Sure, parents who send their children to parochial schools would be happy to see their tuition go down if voucher revenue is directed their way. I’m sure that there are also students enrolled in our Madison public schools who would prefer to attend private or parochial schools if it were more affordable for them.
But there is no legitimate public policy reason to cater to individual parents’ wishes on this. We shouldn’t subsidize the alternatives chosen by individual citizens who opt-out of the public services made available to them. If someone doesn’t like hunting in state parks or thinks campgrounds are too noisy, we don’t send them vouchers to let them stay in private campgrounds. If groups of citizens are unhappy with their local police departments for some reason, we don’t send them private security firm vouchers. If some folks don’t like the choice of books at their local library, we don’t send them vouchers in the form of Amazon.com gift certificates.
There is even less reason to send vouchers to folks who want to opt-out of our public schools, since having all neighborhood children attending their local schools so that they can learn with and from each other is a positive social good.
There is no sound public policy justification for vouchers. The only plausible argument for them depends upon a truly failing public school system, where vouchers can be seen as a form of triage intended to provide better opportunities for students who truly are trapped in bad schools. Whatever one thinks of Milwaukee, that rationale is simply inapplicable elsewhere in our state.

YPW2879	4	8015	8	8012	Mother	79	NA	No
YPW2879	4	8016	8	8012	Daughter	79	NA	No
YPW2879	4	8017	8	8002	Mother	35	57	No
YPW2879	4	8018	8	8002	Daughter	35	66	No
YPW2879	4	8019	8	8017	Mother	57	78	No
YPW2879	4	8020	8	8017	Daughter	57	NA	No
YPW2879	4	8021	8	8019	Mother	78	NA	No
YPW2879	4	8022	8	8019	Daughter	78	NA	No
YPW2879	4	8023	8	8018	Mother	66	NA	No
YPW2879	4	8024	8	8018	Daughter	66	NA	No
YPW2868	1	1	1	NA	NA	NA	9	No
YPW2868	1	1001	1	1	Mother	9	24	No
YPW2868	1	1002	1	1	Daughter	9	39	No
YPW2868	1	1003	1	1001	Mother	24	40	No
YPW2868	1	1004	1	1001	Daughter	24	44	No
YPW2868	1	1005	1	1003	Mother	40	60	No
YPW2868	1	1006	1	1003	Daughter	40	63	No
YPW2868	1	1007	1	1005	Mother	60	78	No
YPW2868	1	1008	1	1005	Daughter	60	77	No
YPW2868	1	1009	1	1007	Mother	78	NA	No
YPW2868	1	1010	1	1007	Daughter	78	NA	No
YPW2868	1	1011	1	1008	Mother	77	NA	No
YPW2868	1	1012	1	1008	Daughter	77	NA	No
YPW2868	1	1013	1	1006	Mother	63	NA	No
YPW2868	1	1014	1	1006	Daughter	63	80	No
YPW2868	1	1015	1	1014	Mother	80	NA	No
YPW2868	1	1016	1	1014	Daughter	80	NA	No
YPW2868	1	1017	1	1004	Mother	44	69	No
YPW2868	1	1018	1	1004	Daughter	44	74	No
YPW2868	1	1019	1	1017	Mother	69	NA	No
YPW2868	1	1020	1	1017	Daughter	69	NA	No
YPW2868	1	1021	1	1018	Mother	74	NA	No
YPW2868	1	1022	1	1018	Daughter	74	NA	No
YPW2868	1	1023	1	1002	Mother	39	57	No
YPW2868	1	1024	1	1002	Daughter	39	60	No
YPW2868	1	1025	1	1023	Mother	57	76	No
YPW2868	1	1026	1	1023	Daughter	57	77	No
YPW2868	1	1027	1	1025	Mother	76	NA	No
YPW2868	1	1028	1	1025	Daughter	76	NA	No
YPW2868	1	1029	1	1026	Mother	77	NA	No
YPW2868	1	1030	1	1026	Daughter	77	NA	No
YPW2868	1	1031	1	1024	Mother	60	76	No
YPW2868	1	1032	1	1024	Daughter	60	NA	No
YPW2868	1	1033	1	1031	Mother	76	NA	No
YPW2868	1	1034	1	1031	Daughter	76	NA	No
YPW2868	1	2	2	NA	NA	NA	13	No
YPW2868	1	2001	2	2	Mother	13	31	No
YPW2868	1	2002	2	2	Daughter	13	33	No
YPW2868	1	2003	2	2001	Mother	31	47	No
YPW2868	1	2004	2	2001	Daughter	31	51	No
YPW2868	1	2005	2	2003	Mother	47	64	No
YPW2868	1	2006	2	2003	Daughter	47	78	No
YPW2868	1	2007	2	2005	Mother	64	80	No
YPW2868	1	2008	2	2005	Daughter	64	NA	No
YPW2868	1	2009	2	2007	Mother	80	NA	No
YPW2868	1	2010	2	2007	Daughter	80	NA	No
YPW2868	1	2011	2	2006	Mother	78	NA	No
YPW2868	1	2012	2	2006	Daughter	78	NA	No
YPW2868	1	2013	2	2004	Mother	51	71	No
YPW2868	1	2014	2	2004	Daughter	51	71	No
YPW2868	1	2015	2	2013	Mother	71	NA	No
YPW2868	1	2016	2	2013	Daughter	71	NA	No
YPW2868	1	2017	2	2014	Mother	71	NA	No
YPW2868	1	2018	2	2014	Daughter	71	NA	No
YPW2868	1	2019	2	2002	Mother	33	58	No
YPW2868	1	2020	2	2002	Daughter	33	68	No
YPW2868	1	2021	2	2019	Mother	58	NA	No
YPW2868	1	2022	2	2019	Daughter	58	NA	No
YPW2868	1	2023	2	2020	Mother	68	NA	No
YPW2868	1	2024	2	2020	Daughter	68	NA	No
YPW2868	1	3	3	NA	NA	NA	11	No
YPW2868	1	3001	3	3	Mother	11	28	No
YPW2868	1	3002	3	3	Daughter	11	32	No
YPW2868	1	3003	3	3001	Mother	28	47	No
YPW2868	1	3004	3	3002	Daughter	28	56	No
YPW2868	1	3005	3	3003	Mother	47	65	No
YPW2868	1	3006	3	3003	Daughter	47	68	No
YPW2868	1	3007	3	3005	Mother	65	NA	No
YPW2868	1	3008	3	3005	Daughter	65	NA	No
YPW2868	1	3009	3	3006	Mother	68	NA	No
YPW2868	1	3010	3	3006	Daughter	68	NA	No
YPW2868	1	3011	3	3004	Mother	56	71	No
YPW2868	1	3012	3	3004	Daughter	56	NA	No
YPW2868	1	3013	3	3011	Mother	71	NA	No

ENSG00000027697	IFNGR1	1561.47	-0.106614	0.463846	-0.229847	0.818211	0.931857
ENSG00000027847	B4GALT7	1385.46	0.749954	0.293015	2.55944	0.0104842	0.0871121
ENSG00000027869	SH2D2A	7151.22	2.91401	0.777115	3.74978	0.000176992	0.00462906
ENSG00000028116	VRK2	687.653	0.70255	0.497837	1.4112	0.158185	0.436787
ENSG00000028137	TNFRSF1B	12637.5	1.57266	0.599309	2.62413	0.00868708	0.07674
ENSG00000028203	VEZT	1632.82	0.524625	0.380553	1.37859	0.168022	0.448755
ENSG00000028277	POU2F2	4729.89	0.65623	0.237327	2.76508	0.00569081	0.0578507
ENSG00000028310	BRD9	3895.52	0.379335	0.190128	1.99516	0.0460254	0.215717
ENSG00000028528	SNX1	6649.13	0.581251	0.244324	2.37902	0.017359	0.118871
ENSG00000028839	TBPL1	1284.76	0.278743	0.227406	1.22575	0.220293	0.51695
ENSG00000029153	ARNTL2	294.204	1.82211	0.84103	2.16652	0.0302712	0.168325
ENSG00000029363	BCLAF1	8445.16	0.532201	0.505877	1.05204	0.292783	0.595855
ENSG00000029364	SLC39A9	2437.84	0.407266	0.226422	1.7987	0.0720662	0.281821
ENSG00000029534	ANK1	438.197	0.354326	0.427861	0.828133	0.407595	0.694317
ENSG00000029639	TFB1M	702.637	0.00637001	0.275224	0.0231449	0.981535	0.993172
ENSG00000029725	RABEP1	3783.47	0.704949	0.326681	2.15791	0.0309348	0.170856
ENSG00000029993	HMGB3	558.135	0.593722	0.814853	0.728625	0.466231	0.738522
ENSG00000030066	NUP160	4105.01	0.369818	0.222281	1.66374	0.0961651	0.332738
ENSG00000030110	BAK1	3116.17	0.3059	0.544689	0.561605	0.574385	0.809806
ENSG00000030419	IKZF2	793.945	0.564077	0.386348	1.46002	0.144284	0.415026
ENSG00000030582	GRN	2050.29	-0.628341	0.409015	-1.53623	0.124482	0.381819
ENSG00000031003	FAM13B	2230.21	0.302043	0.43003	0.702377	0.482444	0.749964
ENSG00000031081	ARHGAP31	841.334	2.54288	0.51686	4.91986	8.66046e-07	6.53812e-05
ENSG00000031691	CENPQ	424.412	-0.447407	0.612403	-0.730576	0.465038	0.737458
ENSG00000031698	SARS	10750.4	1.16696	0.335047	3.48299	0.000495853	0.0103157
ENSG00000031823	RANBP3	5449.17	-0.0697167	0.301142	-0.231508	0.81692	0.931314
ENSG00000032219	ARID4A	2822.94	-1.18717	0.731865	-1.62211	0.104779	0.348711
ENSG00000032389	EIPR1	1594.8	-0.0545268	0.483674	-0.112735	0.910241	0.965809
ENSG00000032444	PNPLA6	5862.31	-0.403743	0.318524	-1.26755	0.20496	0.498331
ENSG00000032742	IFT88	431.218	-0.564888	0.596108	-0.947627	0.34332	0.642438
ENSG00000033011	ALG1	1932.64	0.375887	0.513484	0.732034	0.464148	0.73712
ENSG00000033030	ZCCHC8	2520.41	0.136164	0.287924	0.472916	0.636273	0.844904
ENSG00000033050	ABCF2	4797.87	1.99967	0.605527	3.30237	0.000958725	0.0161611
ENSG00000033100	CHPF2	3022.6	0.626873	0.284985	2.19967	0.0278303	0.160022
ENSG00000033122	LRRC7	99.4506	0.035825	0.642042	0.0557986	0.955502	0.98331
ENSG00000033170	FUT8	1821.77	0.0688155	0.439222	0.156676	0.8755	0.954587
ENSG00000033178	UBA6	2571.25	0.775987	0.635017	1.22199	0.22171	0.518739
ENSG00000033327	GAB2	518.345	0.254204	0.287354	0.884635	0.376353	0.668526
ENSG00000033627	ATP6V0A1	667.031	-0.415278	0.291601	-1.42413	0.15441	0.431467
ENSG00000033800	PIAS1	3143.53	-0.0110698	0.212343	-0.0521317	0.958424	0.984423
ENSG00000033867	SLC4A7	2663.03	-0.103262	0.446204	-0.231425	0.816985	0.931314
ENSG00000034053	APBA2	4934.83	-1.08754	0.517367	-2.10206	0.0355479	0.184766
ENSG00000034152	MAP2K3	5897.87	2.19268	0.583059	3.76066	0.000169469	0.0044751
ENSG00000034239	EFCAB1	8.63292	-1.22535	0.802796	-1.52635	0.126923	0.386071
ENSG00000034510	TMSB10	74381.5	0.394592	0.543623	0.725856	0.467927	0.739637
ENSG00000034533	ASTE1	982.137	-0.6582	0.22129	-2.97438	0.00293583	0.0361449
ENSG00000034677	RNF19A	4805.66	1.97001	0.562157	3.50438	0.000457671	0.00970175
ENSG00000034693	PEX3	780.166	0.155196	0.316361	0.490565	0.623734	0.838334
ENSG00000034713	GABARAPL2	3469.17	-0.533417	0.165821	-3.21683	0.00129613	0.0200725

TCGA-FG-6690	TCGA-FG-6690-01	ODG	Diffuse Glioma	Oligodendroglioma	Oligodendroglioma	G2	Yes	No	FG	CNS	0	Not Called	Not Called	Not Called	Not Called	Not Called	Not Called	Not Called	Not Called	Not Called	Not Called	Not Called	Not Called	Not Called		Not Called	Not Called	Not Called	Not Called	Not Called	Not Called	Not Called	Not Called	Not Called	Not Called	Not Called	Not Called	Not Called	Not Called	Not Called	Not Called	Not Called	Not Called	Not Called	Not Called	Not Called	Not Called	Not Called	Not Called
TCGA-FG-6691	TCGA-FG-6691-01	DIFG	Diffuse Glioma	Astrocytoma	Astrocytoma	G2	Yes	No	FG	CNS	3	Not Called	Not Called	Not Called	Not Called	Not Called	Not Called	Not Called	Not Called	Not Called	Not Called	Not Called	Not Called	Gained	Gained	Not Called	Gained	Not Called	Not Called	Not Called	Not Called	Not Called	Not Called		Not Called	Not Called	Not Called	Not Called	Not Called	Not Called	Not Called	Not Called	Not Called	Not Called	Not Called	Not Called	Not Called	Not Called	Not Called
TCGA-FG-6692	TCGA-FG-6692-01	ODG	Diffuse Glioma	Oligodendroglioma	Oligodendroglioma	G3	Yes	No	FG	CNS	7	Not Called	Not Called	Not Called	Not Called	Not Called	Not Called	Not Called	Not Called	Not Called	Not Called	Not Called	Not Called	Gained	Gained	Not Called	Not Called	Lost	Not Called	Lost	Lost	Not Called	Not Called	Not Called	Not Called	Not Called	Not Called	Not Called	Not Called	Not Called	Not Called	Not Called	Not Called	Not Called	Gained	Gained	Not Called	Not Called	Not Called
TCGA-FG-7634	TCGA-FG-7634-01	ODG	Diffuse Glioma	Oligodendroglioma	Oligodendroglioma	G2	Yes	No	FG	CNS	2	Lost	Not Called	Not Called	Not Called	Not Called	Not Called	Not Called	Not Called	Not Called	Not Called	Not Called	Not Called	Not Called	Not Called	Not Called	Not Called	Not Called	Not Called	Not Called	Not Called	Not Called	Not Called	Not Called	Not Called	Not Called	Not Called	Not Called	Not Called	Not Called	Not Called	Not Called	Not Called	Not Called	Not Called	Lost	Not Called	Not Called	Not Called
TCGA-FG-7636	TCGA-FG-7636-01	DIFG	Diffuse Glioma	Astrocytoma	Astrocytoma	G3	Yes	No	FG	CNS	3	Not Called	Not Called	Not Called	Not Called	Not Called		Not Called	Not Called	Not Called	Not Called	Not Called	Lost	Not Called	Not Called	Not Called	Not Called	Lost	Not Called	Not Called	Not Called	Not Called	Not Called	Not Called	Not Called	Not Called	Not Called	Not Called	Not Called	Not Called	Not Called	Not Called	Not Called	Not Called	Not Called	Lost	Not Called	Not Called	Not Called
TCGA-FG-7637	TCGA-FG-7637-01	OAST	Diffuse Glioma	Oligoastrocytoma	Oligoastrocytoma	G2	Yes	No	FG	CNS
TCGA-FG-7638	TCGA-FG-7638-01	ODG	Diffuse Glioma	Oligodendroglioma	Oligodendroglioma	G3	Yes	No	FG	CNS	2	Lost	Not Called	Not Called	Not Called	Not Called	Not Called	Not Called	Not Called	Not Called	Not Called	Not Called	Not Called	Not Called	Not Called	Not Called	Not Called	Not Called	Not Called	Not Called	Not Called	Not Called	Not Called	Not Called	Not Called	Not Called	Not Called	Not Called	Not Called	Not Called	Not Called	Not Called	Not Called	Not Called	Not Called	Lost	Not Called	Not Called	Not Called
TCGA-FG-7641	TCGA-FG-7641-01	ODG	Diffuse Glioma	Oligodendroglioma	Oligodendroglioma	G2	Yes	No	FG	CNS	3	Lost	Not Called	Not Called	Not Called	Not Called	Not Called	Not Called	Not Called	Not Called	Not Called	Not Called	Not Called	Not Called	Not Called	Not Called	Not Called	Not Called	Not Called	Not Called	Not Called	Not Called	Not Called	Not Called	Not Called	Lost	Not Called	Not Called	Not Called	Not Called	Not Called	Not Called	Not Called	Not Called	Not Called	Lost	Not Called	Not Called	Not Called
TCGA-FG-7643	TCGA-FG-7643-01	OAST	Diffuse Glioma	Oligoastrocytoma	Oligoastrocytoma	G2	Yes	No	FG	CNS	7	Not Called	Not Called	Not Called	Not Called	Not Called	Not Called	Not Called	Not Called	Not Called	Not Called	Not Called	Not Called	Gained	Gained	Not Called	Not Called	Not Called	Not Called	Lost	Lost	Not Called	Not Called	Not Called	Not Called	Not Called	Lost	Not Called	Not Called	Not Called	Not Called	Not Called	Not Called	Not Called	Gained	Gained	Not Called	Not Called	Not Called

But because it is their only card to play, the voucher advocates are off on their campaign to paint the schools in Madison, Green Bay, Beloit and Kenosha as failing, regardless of what the facts are. As one who has devoted lots and lots of hours toward addressing the genuine challenges our Madison schools face, I find the corrosive and destructive cynicism evident in that strategy particularly offensive.
Love that Voodoo that you do! Ed: A strong argument – but your client is still guilty, and unrepentant.
Your argument founders on this central statement: “There is no legitimate public policy reason to cater to individual parents’ wishes …”
I’d love to see that as your campaign slogan when you seek re-election!
The entire economic and political history of our great experiment is to increase individual decision-making, not decrease it. America stands for greater choice, not lesser choice. In that way, you have taken sides with the one-party states where elites on both extremes of the political spectrum determine the choices.
A few well-placed gatekeepers at the three major networks once determined what news and entertainment programming the public would see. No more, thanks to cable and satellite, whose content goes unregulated by the federal government. The Internet permits blogs such as yours and mine to reach a greater public than a daily newspaper editor who could refuse to publish our maunderings.